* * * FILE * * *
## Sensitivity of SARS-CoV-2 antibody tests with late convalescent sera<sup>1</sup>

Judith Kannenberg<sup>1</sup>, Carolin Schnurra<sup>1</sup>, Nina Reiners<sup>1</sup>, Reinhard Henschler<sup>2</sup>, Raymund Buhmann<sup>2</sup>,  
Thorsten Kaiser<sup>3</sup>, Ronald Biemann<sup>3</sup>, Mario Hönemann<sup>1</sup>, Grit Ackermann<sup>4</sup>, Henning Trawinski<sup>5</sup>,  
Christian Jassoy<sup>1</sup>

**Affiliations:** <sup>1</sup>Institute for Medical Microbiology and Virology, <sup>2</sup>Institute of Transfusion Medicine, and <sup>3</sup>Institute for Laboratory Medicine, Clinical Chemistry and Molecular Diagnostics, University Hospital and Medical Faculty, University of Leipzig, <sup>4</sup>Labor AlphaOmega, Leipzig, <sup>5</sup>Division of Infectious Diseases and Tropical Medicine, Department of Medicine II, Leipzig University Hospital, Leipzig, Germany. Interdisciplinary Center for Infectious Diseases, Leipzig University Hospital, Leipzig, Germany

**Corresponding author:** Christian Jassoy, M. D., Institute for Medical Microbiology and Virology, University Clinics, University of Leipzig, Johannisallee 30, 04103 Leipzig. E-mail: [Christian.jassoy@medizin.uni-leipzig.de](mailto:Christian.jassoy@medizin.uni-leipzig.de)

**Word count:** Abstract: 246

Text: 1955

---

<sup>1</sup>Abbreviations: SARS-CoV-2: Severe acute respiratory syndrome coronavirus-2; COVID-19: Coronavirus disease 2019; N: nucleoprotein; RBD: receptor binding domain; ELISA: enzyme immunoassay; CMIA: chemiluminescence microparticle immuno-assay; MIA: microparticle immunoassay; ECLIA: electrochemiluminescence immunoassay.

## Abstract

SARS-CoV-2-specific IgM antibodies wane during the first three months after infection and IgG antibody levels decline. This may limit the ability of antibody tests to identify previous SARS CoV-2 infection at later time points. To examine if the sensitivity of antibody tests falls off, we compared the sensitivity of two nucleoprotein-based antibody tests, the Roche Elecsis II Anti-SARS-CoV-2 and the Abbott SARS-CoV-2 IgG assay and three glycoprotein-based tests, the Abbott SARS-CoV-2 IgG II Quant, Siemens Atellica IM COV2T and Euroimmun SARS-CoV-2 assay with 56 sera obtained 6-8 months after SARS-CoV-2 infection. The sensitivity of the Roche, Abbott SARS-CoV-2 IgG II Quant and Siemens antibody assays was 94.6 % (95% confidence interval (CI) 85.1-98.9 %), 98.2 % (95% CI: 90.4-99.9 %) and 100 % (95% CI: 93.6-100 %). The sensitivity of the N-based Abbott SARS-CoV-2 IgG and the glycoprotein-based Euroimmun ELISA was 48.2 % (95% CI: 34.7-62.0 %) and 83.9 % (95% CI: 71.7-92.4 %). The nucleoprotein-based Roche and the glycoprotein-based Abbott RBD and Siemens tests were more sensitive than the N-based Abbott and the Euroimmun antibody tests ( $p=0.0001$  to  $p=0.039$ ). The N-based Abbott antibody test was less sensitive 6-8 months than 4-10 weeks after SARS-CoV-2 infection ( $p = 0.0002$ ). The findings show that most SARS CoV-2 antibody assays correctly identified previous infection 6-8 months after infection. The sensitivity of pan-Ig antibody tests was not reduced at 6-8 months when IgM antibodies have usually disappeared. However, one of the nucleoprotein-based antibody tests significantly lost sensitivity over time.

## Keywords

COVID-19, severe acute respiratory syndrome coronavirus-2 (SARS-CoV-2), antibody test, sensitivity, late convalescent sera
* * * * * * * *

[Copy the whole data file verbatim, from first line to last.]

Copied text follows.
## Sensitivity of SARS-CoV-2 antibody tests with late convalescent sera<sup>1</sup>

Judith Kannenberg<sup>1</sup>, Carolin Schnurra<sup>1</sup>, Nina Reiners<sup>1</sup>, Reinhard Henschler<sup>2</sup>, Raymund Buhmann<sup>2</sup>,  
Thorsten Kaiser<sup>3</sup>, Ronald Biemann<sup>3</sup>, Mario Hönemann<sup>1</sup>, Grit Ackermann<sup>4</sup>, Henning Trawinski<sup>5</sup>,  
Christian Jassoy<sup>1</sup>

**Affiliations:** <sup>1</sup>Institute for Medical Microbiology and Virology, <sup>2</sup>Institute of Transfusion Medicine, and <sup>3</sup>Institute for Laboratory Medicine, Clinical Chemistry and Molecular Diagnostics, University Hospital and Medical Faculty, University of Leipzig, <sup>4</sup>Labor AlphaOmega, Leipzig, <sup>5</sup>Division of Infectious Diseases and Tropical Medicine, Department of Medicine II, Leipzig University Hospital, Leipzig, Germany. Interdisciplinary Center for Infectious Diseases, Leipzig University Hospital, Leipzig, Germany

**Corresponding author:** Christian Jassoy, M. D., Institute for Medical Microbiology and Virology, University Clinics, University of Leipzig, Johannisallee 30, 04103 Leipzig. E-mail: [Christian.jassoy@medizin.uni-leipzig.de](mailto:Christian.jassoy@medizin.uni-leipzig.de)

**Word count:** Abstract: 246

Text: 1955

---

<sup>1</sup>Abbreviations: SARS-CoV-2: Severe acute respiratory syndrome coronavirus-2; COVID-19: Coronavirus disease 2019; N: nucleoprotein; RBD: receptor binding domain; ELISA: enzyme immunoassay; CMIA: chemiluminescence microparticle immuno-assay; MIA: microparticle immunoassay; ECLIA: electrochemiluminescence immunoassay.

## Abstract

SARS-CoV-2-specific IgM antibodies wane during the first three months after infection and IgG antibody levels decline. This may limit the ability of antibody tests to identify previous SARS CoV-2 infection at later time points. To examine if the sensitivity of antibody tests falls off, we compared the sensitivity of two nucleoprotein-based antibody tests, the Roche Elecsis II Anti-SARS-CoV-2 and the Abbott SARS-CoV-2 IgG assay and three glycoprotein-based tests, the Abbott SARS-CoV-2 IgG II Quant, Siemens Atellica IM COV2T and Euroimmun SARS-CoV-2 assay with 56 sera obtained 6-8 months after SARS-CoV-2 infection. The sensitivity of the Roche, Abbott SARS-CoV-2 IgG II Quant and Siemens antibody assays was 94.6 % (95% confidence interval (CI) 85.1-98.9 %), 98.2 % (95% CI: 90.4-99.9 %) and 100 % (95% CI: 93.6-100 %). The sensitivity of the N-based Abbott SARS-CoV-2 IgG and the glycoprotein-based Euroimmun ELISA was 48.2 % (95% CI: 34.7-62.0 %) and 83.9 % (95% CI: 71.7-92.4 %). The nucleoprotein-based Roche and the glycoprotein-based Abbott RBD and Siemens tests were more sensitive than the N-based Abbott and the Euroimmun antibody tests ( $p=0.0001$  to  $p=0.039$ ). The N-based Abbott antibody test was less sensitive 6-8 months than 4-10 weeks after SARS-CoV-2 infection ( $p = 0.0002$ ). The findings show that most SARS CoV-2 antibody assays correctly identified previous infection 6-8 months after infection. The sensitivity of pan-Ig antibody tests was not reduced at 6-8 months when IgM antibodies have usually disappeared. However, one of the nucleoprotein-based antibody tests significantly lost sensitivity over time.

## Keywords

COVID-19, severe acute respiratory syndrome coronavirus-2 (SARS-CoV-2), antibody test, sensitivity, late convalescent sera